Machine and Assembly Language Programming by hcj

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									What is a computer?
A computer is a machine (hardware) usually electronic that is capable of executing a sequence of instructions from a stored program (software)  A micro-processor based computer is called a microcomputer.  Major components of a computer: 1- Microprocessor (CPU) 2- Memory (RAM and/or ROM) 3- input/output devices 4- Clock. (controls all devices)

CLOCK Microprocessor

Register File

Control Unit

ALU

Input Devices

Output Devices

Main Memory

Block Diagram of A Typical Microprocessor

Microprocessor
Contains the following main components:  ALU Carries out the arithmetic functions of the computer. Also it performs the logical functions.  Control Unit Is the “brain” of the computer. Determines which function to be done on data, decodes instructions, and controls the flow of the program  Register File These are high speed storage locations. Hold internal data that the processor currently using while executing programs. Two kinds of registers exist: 1- Special purpose registers Used by CPU. Most important are the program counter (PC), and the processor status register. 2- General purpose registers Used by programmers

Main Memory

A linear list of memory cells. Each cell holds a data word. A word could be a byte (ex. VAX), 2 bytes, 4 bytes .....

address 0 1 2

bp-1 ...................b0 . . . . . n-3 . n-2 . n-1 . memory unit of n cells

 All memories share two organizational features:1) Each information unit is the same size. 2) An information unit has a numbered address associated with it by which it can be uniquely referenced.

A memory cell is characterized by two things:1) An address 2) Content

 The basic memory cell on many computers including the VAX holds one byte (8 bits). Such machines are called byte-addressable. Other machines have larger storage units.  Components of the computer are connected by Buses.  A bus in the simplest form is a set of wires that used to carry information in the form of electrical signals between CPU and memory and CPU and I/O  There are 3 buses in the system - Data Bus - Address Bus - Control (signal) Bus  VAX has a 32-bit address bus and a 32-bit data bus

Computer Architecture
 The architecture of a computer system is the user-visible interface: The structure and operation of the system as seen by the programmer. It includes - The instruction set the computer can obey - The ways in which the instructions can specify the locations of data to be processed - The type and representation of data - The format in which the instructions are stored in memory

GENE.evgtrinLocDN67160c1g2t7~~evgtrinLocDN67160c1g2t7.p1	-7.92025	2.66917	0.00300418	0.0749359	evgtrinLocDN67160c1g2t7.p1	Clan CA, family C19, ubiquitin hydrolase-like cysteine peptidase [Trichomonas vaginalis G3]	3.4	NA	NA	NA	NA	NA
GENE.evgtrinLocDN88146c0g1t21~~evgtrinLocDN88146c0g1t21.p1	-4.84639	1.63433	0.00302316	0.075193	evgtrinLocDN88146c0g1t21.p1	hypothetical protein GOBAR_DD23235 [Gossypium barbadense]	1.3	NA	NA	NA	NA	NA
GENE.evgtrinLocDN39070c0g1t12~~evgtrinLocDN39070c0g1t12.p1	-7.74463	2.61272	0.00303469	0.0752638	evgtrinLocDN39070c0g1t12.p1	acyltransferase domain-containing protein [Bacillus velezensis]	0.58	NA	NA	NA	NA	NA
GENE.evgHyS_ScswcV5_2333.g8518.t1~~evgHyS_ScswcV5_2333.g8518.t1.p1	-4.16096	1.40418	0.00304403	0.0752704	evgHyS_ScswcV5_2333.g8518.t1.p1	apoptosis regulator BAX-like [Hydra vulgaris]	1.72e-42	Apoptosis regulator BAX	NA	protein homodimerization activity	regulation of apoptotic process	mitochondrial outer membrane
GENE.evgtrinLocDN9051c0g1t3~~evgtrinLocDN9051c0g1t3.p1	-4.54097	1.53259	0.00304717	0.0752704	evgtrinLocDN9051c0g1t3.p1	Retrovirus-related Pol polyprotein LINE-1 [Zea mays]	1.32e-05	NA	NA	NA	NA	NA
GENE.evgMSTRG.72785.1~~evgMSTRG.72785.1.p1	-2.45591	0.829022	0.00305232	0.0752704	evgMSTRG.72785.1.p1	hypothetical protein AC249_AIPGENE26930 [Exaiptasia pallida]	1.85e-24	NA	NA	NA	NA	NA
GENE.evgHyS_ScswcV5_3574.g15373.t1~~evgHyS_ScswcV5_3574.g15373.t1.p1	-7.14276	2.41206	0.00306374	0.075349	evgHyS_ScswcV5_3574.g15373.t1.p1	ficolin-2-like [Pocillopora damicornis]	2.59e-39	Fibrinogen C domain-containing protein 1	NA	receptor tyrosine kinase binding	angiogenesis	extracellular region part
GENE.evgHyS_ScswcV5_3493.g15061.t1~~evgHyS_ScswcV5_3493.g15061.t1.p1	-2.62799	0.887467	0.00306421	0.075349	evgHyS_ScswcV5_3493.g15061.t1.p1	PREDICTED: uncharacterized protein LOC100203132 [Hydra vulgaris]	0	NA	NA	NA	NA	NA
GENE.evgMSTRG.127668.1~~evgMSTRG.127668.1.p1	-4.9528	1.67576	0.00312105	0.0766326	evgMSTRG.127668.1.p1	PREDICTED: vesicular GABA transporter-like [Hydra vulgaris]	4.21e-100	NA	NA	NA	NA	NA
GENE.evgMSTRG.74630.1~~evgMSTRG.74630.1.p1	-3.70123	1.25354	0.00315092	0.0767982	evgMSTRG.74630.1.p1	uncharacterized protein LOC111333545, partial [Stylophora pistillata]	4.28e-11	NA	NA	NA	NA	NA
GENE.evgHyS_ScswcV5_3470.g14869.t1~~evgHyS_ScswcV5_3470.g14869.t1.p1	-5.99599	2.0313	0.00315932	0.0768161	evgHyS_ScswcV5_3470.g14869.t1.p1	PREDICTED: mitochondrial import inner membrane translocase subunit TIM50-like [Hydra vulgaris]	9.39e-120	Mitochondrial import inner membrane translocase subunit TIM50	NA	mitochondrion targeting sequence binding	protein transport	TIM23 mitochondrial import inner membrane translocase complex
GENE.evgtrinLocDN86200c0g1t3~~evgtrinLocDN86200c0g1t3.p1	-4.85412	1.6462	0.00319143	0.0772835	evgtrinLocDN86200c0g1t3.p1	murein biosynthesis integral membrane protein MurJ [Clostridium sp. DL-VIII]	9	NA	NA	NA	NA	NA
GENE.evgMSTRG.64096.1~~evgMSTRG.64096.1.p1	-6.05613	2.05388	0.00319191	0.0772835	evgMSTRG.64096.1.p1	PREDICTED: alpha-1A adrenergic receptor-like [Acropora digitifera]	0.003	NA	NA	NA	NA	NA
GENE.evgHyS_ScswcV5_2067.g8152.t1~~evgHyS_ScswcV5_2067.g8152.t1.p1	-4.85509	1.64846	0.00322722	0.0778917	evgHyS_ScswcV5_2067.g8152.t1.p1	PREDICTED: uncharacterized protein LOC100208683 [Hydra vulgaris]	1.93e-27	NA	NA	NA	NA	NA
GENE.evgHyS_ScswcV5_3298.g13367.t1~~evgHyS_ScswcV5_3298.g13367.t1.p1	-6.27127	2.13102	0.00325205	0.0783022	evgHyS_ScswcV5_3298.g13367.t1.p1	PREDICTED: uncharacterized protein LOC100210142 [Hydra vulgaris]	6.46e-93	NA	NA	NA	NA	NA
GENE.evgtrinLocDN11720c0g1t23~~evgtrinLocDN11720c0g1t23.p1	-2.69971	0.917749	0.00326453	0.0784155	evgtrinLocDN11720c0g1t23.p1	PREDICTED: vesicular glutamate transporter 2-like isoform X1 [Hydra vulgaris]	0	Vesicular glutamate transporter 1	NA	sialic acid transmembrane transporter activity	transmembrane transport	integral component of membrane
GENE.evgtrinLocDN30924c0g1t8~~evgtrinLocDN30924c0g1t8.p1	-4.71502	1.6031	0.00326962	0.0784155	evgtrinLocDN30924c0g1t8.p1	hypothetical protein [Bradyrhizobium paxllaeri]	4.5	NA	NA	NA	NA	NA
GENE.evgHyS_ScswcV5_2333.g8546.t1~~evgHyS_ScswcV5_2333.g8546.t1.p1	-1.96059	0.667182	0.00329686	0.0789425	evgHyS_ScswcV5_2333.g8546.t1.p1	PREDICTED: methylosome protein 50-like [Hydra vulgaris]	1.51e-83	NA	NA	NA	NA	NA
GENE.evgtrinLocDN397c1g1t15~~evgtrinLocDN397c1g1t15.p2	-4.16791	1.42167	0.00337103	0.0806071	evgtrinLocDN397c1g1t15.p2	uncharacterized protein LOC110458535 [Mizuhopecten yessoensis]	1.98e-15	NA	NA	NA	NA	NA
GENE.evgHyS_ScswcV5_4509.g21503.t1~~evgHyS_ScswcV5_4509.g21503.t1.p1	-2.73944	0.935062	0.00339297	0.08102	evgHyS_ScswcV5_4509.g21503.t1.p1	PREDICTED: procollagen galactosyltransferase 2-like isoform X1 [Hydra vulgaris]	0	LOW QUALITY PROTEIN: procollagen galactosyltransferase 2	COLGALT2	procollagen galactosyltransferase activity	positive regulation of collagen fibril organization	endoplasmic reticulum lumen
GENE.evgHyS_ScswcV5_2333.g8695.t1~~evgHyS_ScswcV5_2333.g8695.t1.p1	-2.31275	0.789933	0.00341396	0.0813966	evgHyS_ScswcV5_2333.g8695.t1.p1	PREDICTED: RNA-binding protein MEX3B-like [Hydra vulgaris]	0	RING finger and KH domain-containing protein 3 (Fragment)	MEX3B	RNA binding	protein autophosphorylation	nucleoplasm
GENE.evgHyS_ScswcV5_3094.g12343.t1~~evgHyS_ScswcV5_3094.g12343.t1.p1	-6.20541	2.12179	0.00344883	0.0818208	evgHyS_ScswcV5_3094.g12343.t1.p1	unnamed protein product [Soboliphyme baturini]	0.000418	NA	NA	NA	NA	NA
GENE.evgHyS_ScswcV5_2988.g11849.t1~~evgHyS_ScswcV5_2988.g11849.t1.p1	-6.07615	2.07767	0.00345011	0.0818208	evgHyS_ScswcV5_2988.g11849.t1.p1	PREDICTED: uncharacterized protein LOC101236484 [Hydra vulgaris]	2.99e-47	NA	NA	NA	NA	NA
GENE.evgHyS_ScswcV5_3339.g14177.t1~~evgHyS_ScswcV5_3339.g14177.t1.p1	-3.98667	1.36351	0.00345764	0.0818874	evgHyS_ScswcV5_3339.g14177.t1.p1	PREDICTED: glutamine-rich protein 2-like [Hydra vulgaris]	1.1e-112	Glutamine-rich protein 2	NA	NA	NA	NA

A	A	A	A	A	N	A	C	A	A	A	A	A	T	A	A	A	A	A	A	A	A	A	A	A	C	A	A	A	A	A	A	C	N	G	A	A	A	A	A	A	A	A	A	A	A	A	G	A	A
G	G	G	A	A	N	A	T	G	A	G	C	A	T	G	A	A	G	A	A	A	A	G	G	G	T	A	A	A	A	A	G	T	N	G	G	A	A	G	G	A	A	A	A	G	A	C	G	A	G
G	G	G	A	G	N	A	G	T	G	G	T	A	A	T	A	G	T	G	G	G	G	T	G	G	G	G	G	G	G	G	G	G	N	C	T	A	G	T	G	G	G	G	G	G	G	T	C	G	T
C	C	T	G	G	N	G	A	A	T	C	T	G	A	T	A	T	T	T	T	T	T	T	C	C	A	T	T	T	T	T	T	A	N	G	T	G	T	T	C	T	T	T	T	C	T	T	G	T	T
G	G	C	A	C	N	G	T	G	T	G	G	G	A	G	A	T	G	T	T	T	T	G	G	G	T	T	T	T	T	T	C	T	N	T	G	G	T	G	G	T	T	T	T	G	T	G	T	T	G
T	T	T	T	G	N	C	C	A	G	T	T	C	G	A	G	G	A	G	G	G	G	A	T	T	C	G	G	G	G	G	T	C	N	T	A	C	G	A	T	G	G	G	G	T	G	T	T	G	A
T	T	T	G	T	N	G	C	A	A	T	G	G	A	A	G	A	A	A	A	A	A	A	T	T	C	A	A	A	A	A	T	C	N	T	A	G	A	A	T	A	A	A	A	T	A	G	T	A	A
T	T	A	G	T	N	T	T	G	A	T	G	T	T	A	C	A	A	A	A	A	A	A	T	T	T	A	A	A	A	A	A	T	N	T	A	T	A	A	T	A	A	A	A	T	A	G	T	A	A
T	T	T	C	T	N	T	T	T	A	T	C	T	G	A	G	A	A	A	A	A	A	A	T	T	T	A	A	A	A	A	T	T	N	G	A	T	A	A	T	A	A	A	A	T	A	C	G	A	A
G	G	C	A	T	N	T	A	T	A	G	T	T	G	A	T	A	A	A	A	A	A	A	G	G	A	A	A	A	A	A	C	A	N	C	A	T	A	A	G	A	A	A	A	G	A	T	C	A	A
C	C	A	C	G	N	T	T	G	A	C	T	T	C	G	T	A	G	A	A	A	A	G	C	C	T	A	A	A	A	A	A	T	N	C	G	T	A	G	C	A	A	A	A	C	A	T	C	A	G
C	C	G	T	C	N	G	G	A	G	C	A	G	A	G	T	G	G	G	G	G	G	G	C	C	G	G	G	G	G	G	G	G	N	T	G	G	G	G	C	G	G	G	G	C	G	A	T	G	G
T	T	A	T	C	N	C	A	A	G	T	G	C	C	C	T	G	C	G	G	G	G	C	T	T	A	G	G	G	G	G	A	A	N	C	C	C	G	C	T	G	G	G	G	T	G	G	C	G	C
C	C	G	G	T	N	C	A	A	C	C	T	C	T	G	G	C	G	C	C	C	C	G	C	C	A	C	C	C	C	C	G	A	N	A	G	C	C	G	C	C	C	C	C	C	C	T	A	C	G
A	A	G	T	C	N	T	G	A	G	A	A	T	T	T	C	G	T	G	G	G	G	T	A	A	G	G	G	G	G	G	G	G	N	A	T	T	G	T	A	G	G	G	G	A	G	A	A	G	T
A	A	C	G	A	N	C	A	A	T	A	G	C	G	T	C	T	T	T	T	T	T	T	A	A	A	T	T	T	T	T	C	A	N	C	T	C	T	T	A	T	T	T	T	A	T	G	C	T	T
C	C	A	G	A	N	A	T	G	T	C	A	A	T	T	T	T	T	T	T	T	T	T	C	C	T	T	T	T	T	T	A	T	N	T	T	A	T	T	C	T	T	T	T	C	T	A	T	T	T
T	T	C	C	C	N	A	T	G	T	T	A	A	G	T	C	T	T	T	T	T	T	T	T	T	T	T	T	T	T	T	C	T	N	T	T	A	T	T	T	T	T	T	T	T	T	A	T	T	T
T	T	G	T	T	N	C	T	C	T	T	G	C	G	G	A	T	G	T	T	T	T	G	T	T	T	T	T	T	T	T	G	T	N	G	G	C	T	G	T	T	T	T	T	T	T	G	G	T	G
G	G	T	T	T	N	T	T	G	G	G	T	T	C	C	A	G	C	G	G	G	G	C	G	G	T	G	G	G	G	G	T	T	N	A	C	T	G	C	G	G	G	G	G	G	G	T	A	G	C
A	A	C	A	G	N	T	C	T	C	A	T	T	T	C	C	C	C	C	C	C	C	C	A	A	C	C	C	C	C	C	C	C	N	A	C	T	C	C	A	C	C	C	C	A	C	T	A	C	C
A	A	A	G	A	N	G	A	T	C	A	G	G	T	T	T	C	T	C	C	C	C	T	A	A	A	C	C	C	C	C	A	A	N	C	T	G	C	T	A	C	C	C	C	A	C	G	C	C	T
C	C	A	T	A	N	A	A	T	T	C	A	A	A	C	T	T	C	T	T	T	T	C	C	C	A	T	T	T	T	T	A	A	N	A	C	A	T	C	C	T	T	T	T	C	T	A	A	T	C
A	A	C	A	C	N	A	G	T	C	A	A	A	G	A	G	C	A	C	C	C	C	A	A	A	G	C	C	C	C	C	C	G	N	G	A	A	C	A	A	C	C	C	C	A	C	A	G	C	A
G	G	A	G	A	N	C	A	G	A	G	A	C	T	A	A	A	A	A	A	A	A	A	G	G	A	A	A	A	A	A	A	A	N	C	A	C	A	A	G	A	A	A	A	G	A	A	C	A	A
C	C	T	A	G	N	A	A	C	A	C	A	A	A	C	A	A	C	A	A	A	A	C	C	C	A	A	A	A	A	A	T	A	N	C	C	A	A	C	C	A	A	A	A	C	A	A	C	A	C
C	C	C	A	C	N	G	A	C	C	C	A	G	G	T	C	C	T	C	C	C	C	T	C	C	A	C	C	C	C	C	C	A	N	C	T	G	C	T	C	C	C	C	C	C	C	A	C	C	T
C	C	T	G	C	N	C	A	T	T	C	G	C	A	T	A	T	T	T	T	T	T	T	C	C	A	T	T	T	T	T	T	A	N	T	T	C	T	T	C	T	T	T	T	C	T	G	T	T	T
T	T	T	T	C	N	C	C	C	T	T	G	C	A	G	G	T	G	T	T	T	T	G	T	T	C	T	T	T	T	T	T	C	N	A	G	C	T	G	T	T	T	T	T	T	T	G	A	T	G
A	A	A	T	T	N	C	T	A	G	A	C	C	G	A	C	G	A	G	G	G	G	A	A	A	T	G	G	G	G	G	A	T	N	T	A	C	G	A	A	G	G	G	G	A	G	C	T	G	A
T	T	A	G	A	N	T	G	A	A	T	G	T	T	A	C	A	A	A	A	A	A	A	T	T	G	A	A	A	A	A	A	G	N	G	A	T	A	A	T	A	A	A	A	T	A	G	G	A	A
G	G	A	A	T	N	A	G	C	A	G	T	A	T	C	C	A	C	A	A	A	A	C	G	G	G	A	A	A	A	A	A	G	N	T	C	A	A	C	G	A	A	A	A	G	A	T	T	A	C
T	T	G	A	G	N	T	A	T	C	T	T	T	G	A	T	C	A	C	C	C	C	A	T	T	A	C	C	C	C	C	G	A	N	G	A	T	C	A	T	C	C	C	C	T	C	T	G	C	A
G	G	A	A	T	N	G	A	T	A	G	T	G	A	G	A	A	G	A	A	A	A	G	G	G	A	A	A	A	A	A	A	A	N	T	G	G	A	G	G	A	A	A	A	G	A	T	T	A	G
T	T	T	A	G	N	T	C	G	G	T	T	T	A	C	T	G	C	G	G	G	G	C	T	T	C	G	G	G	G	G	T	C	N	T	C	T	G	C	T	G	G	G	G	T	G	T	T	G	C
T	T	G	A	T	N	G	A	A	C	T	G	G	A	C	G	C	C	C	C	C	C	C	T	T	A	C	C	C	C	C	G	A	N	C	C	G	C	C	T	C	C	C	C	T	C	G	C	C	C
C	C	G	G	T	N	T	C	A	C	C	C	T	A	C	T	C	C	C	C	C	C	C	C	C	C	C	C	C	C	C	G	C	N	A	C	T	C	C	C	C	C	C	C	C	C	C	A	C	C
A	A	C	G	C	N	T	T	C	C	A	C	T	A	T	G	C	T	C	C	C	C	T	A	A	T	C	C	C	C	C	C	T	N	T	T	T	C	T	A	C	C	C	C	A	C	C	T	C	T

 Most modern computers follow the Von Neuman Architecture: This architecture is based on the stored program concept. The program to be executed along with the data on which it operates are stored in a memory device attached to the processor.

Instruction Set Architectures  A computer’s hardware has a small, fixed number of operations, or instructions that it can perform. This is called the instruction set of the machine. It is defined by the manufacturer.  We will be concerned with the following issues: - Operand storage in CPU Where are operands kept other than in memory? - Number of explicit operands named per instruction How many operands are named explicitly in a typical instruction? - Operand location (addressing modes) Can any ALU instruction operand be located in memory or must some or all of the operands be in internal storage in the CPU? If an operand is located in memory, how is the memory location specified? - Operations What operations are provided in the instruction set? - Type and size of operands What is the type and size of each operand and how is it specified?

Instruction Set  The instruction set of a microprocessor is the collection of all the machine instructions that the processor can obey.  Types of instructions - Data movements - Arithmetic/ logic - Control (modify the execution order)

Instruction Execution
 A computer is controlled by a program, which is a sequence of instructions. Each instruction specifies a single operation to be performed by the CPU ex. ADD R7, ALPHA  Instructions are stored in memory along with the data on which they operate.  The processor FETCHES and instruction from memory, INTERPRETS what function is it to be performed, and EXECUTES the function on its operands (data)  This is called the instruction fetch/execute cycle

Operands fetch

store result

Instruction fetch

Instruction execution

Interrupt processing

Instruction Cycle

All instructions are composed of two components

1. An operation code (OPCODE) that specifies the function to be performed. 2. One or more operand specifiers that describe the locations of the information units on which the operation is performed.  A computer by itself can’t do anything. It needs software. A sequence of instructions called a program, makes the computer work.  Microprocessors by themselves only react to patterns of electrical signals.  These patterns comprise what we call a machine language, which consists of the binary patterns of 0’s and 1’s that represent the signals the CPU understand.  Machine language is machine dependent and varies from model to model of computers.